UK economy – Keynesianism and the economic downturn
Monday, 27 July 2009 14:40

The following article is an edited presentation made by John Ross of Prince2 training courses at the "Progressive London" conference on 11 July 2009. As noted in the article it was made before the publication of the UK 2nd quarter 2009 GDP figures. Rather than rewrite the article the analysis has however been left as it stood on 11 July and subsequent developements are dealt with in the notes.


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There is a systematic attempt to present the situation of the UK economy as one of ‘green shoots’. If that means anything it suggests, figuratively, that there will be a significant/substantial UK economic recovery in the near future.

Such a perspective, as will be seen, is wrong. It is based on only one serious statistic - that the very rapid decline in share prices has halted and some recovery in this field has occurred. The perspective of substantial UK economic recovery in any near term period is not justified by consideration of the actual overall indicators of the UK economy.  [Note – this presentation was given before the publication of the 2nd quarter UK GDP figures on 24 July. These showed the decline in output in that quarter at 0.8%, or an annualised rate of 3.2% - twice as bad as media projections. This evidently confirms the analysis made below].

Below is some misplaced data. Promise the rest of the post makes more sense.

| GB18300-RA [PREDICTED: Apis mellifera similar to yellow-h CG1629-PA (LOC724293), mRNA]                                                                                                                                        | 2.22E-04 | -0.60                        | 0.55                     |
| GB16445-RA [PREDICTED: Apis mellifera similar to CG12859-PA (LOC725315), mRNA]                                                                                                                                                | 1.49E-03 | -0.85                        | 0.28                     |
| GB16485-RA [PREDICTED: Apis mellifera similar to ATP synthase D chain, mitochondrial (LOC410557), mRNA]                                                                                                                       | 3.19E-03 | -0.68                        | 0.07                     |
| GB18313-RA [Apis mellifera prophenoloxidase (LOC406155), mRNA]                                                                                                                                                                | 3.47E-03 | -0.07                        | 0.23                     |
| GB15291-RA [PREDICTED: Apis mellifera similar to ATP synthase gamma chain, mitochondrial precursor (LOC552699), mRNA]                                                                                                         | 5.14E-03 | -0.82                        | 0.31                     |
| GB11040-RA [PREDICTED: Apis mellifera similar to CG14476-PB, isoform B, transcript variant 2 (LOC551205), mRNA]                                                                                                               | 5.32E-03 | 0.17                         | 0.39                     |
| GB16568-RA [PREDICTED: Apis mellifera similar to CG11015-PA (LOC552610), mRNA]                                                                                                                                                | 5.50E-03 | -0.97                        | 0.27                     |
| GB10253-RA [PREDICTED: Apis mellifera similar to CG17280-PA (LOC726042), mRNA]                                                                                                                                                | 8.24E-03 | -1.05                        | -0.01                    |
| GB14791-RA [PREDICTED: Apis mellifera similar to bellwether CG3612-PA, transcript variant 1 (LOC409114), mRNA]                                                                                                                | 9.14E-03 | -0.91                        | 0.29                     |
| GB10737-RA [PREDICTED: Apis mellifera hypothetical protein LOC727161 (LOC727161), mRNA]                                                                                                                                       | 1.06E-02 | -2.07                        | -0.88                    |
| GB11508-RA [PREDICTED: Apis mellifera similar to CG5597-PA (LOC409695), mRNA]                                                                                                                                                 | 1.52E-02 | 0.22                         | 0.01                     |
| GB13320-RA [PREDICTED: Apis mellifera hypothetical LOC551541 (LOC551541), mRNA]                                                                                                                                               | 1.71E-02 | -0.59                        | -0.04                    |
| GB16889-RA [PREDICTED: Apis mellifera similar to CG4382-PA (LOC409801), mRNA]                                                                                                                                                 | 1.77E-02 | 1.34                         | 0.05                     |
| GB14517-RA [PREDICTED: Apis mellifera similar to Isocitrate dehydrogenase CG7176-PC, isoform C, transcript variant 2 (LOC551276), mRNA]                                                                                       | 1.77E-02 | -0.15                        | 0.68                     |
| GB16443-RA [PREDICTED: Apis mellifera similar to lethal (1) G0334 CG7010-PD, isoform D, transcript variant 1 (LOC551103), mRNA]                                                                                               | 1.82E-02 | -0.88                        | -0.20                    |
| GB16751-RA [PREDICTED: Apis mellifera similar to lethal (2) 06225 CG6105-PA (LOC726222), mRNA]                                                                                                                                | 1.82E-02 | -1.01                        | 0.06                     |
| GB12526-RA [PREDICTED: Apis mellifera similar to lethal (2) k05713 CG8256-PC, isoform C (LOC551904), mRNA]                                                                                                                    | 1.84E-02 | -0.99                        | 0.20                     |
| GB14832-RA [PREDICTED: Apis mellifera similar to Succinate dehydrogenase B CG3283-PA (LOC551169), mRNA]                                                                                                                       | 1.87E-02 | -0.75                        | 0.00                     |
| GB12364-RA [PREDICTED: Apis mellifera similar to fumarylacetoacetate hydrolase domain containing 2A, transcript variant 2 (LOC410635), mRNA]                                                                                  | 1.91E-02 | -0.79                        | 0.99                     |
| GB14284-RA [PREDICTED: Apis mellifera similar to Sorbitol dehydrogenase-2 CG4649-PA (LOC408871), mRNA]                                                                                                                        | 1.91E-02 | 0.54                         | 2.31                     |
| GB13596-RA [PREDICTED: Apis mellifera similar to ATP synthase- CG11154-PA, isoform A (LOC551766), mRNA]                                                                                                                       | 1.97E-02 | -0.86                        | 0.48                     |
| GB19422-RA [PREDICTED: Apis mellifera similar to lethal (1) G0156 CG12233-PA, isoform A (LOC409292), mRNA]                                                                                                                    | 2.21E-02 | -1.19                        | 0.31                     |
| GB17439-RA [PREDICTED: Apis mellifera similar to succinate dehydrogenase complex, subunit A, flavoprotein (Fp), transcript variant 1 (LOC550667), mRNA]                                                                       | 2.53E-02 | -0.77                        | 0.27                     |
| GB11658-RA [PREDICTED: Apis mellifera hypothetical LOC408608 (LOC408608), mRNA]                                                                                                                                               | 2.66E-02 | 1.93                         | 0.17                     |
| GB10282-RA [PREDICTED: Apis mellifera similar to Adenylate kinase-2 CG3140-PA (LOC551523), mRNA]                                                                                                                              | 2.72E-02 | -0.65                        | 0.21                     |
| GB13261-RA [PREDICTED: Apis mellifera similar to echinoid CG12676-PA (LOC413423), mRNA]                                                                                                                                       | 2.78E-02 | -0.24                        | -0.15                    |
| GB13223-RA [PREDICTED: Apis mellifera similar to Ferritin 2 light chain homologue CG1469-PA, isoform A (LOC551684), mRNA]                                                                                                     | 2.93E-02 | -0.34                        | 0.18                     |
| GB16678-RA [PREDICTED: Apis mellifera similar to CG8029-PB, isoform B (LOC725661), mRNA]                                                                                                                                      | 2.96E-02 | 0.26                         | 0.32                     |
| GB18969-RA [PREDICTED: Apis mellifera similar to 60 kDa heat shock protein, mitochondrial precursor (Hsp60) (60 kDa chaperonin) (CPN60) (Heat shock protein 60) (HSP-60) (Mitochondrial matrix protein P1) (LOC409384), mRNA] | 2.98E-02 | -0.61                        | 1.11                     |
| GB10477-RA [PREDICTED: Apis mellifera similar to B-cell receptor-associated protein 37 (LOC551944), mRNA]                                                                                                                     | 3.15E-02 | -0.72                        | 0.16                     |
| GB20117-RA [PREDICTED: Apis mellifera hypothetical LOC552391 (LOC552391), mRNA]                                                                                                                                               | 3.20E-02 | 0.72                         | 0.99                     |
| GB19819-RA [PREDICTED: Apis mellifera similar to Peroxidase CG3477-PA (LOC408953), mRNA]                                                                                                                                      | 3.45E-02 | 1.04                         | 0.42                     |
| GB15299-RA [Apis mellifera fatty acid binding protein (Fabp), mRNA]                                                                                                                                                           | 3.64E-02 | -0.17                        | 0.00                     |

As UK share prices, i.e. the FTSE, invariably follows US share markets, which are in any case far larger and more important than those in the UK, Figure 1 shows the movement of the Dow Jones Industrial Average in the present economic downturn compared to that in 1929. This graph measures, by the number of trading days since the previous hight point of the cycle, the decline of the Dow Jones Average after its peaks in 1929 and 2007. 

Figure 1


09 07 24 Dow Jones 1929 2007  

The pattern shown is clear. From 9 October 2007 until 9 March 2009, that is for 358 trading days after its peak level, the fall of the Dow Jones Industrial Average tracked the decline starting in 1929 - apart from 1929 there has been no comparable decline in US share prices so these are unique and comparable events. This fall culminated in a decline of 54% from Dow's peak level. Since then the Dow has moved upwards although it is still well over 35% below its peak.